2. Reduce exposure to blue light after evenings
Exposure to a lot of light can have negative effects on your ability to sleep well. Light impacts the body’s circadian rhythm, makes the brain believe that it’s daylight, and regulates body hormones such that the amount of melatonin is reduced, which in turn reduces the body’s inclination to sleep.
Blue light is the worst offender, and sadly, that’s what comes out of all your electronic devices.
Because of the modern lifestyle, it might not be entirely practical for you to let go of electronic devices after evening. Try these options:
- Use an app such as f.lux, which blocks out blue light from electronic device screens
- Use spectacles with lenses that block out blue light
- Reduce the brightness of your laptop and television screens
- Try out screen protectors to filter out the harsh light, if you just can’t keep devices out of your pre-sleep routine
3. Avoid consuming chemicals that impede sleep
Nicotine, caffeine, alcohol – all these are known defaulters, as far as your sleep quality is concerned.
Caffeine, for instance, is a stimulant that is almost certain to keep you awake. It’s not only in coffee; caffeine is present in tea, colas, chocolates, and even some pain reliever medicines. Smokers should refrain from consuming tobacco products post evening.
People believe that alcohol helps them relax and fall asleep quicker than otherwise. This may be true, but the implications are bad for sleep quality. Alcohol makes you wake up more often during the night.
Limit your alcohol consumption to less than two drinks, if you are a regular drinker. Or, better still, don’t drink at all!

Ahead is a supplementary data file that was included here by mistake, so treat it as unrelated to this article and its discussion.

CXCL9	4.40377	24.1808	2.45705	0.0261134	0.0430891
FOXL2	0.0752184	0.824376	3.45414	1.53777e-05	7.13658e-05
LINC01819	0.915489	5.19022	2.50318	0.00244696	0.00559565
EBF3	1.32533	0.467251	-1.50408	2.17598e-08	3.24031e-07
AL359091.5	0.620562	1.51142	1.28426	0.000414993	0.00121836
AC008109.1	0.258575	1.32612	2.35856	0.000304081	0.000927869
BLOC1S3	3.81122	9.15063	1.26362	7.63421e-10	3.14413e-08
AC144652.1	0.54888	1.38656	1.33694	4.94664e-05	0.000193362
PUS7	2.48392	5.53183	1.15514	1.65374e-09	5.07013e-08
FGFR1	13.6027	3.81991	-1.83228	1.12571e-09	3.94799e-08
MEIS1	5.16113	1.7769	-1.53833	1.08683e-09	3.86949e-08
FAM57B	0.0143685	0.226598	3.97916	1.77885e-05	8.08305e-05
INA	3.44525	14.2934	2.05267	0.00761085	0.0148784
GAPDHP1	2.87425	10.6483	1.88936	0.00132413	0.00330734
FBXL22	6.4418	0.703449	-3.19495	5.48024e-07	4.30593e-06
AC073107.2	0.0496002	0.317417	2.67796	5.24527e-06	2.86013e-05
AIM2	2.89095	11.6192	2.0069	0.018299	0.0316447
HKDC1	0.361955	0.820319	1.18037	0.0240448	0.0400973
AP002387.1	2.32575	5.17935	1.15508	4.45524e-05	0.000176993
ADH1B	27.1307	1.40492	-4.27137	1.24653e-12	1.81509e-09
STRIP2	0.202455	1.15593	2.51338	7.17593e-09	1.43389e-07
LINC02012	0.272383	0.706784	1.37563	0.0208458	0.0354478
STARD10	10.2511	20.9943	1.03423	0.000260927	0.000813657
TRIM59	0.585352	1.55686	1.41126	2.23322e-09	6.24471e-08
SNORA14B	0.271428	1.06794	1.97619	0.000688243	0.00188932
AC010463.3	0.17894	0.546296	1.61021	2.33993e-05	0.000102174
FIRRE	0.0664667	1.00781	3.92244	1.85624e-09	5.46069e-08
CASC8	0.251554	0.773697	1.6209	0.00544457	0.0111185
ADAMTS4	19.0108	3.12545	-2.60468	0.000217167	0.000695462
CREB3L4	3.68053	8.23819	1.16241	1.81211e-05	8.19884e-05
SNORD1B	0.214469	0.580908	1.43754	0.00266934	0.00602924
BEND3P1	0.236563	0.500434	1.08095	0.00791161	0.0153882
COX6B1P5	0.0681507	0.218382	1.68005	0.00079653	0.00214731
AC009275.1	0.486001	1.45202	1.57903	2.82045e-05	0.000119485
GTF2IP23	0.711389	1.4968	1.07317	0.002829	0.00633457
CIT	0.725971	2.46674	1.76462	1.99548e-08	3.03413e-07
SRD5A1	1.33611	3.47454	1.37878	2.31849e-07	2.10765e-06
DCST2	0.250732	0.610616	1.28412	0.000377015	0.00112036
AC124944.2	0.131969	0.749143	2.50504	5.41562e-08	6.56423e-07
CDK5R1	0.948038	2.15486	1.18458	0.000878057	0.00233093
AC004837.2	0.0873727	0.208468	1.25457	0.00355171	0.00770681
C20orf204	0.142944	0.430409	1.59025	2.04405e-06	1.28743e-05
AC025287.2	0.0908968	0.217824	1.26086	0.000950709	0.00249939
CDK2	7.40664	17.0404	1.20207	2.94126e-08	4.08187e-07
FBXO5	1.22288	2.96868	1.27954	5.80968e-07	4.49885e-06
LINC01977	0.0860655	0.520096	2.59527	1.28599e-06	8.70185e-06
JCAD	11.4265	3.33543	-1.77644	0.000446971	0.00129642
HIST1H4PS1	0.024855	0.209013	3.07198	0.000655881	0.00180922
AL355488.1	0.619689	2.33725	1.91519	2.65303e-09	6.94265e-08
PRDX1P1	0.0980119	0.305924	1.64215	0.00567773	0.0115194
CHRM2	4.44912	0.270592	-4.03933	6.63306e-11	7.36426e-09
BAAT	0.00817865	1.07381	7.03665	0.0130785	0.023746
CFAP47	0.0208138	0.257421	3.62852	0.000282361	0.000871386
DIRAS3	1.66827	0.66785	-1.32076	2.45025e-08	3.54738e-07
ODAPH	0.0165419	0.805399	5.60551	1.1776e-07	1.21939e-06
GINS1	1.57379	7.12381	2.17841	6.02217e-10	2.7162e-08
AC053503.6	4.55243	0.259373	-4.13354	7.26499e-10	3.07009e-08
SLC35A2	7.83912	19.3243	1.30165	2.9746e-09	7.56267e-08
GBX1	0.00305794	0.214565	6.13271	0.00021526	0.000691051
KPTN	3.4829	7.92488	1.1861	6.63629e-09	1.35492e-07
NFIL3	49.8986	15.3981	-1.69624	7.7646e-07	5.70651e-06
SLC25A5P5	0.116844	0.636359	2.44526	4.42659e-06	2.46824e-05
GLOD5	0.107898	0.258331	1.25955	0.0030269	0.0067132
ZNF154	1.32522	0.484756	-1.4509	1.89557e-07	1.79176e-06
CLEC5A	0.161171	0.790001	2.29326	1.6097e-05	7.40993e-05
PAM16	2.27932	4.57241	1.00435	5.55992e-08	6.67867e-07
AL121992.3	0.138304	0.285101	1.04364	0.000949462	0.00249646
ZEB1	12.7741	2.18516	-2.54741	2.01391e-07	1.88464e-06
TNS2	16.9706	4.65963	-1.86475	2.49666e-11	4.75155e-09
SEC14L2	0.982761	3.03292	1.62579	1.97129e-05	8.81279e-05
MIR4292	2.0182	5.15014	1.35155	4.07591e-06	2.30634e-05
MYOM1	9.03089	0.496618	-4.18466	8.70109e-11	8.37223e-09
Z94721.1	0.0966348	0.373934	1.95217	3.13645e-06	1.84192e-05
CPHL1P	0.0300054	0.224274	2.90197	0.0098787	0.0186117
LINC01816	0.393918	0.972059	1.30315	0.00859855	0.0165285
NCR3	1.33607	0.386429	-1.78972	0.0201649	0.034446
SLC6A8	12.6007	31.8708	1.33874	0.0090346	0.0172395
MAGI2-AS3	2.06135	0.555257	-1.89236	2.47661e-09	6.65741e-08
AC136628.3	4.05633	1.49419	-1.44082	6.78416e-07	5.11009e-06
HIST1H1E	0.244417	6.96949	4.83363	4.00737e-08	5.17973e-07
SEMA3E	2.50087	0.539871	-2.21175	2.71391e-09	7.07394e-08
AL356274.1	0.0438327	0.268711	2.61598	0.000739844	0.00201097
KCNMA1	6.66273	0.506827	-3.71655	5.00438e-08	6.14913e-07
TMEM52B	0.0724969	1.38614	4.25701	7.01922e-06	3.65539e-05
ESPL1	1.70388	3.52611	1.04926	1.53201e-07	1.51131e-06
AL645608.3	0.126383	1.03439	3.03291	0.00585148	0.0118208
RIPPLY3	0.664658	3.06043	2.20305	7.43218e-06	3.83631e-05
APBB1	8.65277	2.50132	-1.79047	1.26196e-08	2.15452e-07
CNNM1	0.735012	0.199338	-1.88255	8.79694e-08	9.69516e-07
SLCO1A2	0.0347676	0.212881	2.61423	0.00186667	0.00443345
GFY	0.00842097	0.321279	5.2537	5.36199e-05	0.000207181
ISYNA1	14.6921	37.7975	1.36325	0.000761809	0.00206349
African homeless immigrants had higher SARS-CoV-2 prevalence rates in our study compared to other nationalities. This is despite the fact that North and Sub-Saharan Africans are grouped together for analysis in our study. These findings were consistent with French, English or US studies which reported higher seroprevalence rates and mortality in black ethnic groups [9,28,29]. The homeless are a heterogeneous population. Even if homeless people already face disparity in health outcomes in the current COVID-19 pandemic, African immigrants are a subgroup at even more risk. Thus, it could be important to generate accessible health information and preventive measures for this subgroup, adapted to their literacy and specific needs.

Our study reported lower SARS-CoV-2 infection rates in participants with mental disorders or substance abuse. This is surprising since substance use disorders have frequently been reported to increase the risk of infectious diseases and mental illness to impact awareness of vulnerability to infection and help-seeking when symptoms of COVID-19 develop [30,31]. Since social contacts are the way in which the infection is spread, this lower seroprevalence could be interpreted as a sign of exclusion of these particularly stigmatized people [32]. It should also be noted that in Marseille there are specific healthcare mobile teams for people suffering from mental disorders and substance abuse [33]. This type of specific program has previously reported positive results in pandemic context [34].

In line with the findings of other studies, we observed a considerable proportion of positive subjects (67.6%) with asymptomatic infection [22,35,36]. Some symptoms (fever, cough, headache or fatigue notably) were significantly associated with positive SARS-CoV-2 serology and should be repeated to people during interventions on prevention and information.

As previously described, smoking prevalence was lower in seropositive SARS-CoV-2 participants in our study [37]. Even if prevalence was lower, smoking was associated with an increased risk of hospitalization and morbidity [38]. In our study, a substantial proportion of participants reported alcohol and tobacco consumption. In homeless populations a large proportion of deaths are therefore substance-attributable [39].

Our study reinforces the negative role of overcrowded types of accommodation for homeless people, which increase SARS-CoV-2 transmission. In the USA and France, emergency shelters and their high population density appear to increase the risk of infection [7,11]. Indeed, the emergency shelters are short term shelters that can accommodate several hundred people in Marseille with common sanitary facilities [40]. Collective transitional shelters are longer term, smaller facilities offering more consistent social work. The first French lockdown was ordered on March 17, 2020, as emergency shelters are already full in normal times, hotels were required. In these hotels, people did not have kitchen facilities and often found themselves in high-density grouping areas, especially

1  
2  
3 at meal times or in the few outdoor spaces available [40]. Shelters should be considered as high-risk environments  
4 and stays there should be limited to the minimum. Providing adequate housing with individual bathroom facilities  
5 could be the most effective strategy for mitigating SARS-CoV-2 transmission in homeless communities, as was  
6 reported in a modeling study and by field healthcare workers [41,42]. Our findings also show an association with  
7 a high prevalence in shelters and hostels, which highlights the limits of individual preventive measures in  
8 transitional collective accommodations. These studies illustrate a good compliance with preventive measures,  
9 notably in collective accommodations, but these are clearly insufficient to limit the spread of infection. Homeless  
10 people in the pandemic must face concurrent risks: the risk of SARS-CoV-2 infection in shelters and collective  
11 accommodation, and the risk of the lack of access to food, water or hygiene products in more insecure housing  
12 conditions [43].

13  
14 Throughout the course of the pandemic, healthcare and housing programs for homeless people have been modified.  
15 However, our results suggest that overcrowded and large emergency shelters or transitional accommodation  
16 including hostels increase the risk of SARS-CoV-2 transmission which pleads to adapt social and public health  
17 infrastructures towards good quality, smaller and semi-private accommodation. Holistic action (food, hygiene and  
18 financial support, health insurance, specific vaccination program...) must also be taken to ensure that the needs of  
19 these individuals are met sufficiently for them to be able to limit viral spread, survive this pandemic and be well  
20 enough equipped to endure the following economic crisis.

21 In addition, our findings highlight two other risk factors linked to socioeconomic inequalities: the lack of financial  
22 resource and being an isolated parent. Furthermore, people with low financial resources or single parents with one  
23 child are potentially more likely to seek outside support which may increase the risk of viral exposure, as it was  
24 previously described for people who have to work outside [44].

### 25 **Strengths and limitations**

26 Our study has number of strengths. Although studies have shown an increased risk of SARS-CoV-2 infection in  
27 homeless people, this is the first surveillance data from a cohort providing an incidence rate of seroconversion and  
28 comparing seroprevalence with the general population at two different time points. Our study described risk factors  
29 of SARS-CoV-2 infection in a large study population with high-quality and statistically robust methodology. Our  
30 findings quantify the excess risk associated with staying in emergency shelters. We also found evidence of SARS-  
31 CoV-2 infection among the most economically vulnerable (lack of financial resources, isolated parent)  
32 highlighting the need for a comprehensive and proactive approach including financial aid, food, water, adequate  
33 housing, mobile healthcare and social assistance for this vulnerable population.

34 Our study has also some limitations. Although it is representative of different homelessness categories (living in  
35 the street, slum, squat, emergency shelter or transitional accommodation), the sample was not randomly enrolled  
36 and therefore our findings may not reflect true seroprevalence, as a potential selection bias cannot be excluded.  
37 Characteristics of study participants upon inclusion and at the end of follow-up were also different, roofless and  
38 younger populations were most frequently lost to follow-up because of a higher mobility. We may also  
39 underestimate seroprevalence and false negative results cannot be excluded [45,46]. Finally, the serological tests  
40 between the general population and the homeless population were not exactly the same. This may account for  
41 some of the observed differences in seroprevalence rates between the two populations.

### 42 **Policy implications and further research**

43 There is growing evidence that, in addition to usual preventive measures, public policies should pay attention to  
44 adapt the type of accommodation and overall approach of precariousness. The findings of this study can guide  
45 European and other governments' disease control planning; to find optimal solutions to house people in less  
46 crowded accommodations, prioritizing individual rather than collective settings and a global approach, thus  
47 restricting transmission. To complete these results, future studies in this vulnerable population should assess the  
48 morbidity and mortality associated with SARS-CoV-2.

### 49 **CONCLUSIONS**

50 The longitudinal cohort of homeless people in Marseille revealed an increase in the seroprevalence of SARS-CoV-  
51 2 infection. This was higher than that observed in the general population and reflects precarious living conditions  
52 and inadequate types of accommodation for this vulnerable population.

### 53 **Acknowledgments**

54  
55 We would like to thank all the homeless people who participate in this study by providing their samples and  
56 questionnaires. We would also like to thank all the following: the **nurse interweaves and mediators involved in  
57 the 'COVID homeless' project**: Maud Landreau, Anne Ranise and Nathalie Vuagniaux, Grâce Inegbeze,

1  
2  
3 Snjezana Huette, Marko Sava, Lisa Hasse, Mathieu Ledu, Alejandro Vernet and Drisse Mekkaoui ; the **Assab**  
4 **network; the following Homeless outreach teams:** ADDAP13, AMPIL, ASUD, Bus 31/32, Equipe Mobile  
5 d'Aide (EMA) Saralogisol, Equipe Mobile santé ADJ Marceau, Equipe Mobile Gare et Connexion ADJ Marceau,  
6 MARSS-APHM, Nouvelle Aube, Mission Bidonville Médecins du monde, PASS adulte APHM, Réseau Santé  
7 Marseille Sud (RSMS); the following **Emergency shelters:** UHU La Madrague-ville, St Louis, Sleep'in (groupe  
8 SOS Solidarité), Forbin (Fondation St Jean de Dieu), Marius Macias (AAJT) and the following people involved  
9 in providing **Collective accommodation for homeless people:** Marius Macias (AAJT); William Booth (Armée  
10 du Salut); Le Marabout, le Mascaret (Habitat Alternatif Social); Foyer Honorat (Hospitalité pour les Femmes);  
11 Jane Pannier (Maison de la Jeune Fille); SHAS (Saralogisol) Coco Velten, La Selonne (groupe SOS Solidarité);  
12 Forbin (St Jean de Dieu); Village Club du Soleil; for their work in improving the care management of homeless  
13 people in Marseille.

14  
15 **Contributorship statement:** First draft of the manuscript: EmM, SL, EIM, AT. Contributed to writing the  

4. Nurture a healthy pre-sleep regimen
The transition from your wakeful hours to sleep hours can massively improve sleep quality and help you wake up fresh and alert. Try these options:
- Engage yourself with a good book
- Stay away from your electronic gadgets for at least one hour prior to sleep
- Try out relaxation exercises to help your brain stop overthinking on personal problems
- If you’re troubled by thoughts, write them down and put the notes away
- Take a bath because sudden change in body temperature induces drowsiness
- Instead of coffee, drink a cup or two of warm herbal tea
5. Make your bedroom’s environment conducive for sleep
Improper room ambience can not only delay the onset of sleep, but also cause you to wake often. On the contrary, salubrious room environment promotes sound sleep.
Here are some tips:
- Maintain a dark, quiet and cool environment
- Use high quality curtains that block out outside light
- Use a white noise appliance to shut off your brain from paying attention to outside noises
- Use an eye mask if you’re unable to ensure complete darkness (because of your partner’s preferences, for instance)
- Keep the room well ventilated, and the temperature regulated between 60 and 75°F
- Get yourself a comfortable mattress, and change the bed linen often